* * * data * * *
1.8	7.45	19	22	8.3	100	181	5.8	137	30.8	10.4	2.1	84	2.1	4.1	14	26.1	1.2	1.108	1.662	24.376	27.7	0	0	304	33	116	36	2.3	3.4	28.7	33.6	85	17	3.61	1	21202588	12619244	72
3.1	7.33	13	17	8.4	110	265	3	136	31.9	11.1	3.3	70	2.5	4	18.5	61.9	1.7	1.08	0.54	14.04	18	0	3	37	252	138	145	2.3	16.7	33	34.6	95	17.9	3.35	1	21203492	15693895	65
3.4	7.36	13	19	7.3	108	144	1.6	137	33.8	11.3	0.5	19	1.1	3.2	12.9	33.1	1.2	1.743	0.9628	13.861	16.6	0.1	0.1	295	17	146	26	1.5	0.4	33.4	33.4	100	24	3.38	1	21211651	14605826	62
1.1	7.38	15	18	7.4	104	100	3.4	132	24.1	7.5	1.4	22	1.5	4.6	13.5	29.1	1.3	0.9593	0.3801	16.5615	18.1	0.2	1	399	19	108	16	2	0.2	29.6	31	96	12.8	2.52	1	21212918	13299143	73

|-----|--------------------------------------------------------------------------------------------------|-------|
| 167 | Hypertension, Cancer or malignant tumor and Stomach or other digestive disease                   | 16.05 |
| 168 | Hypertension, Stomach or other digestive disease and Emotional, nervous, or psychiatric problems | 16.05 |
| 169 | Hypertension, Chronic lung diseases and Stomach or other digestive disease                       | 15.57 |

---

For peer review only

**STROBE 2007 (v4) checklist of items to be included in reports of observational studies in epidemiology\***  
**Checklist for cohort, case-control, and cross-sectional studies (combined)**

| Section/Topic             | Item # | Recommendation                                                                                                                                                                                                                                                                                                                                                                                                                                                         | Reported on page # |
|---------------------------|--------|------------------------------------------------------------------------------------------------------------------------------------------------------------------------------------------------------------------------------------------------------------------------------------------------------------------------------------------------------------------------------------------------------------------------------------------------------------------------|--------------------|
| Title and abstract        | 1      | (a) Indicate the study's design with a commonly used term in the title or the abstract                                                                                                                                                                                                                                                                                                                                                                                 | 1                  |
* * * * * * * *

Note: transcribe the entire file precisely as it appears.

1.8	7.45	19	22	8.3	100	181	5.8	137	30.8	10.4	2.1	84	2.1	4.1	14	26.1	1.2	1.108	1.662	24.376	27.7	0	0	304	33	116	36	2.3	3.4	28.7	33.6	85	17	3.61	1	21202588	12619244	72
3.1	7.33	13	17	8.4	110	265	3	136	31.9	11.1	3.3	70	2.5	4	18.5	61.9	1.7	1.08	0.54	14.04	18	0	3	37	252	138	145	2.3	16.7	33	34.6	95	17.9	3.35	1	21203492	15693895	65
3.4	7.36	13	19	7.3	108	144	1.6	137	33.8	11.3	0.5	19	1.1	3.2	12.9	33.1	1.2	1.743	0.9628	13.861	16.6	0.1	0.1	295	17	146	26	1.5	0.4	33.4	33.4	100	24	3.38	1	21211651	14605826	62
1.1	7.38	15	18	7.4	104	100	3.4	132	24.1	7.5	1.4	22	1.5	4.6	13.5	29.1	1.3	0.9593	0.3801	16.5615	18.1	0.2	1	399	19	108	16	2	0.2	29.6	31	96	12.8	2.52	1	21212918	13299143	73

|-----|--------------------------------------------------------------------------------------------------|-------|
| 167 | Hypertension, Cancer or malignant tumor and Stomach or other digestive disease                   | 16.05 |
| 168 | Hypertension, Stomach or other digestive disease and Emotional, nervous, or psychiatric problems | 16.05 |
| 169 | Hypertension, Chronic lung diseases and Stomach or other digestive disease                       | 15.57 |

---

For peer review only

**STROBE 2007 (v4) checklist of items to be included in reports of observational studies in epidemiology\***  
**Checklist for cohort, case-control, and cross-sectional studies (combined)**

| Section/Topic             | Item # | Recommendation                                                                                                                                                                                                                                                                                                                                                                                                                                                         | Reported on page # |
|---------------------------|--------|------------------------------------------------------------------------------------------------------------------------------------------------------------------------------------------------------------------------------------------------------------------------------------------------------------------------------------------------------------------------------------------------------------------------------------------------------------------------|--------------------|
| Title and abstract        | 1      | (a) Indicate the study's design with a commonly used term in the title or the abstract                                                                                                                                                                                                                                                                                                                                                                                 | 1                  |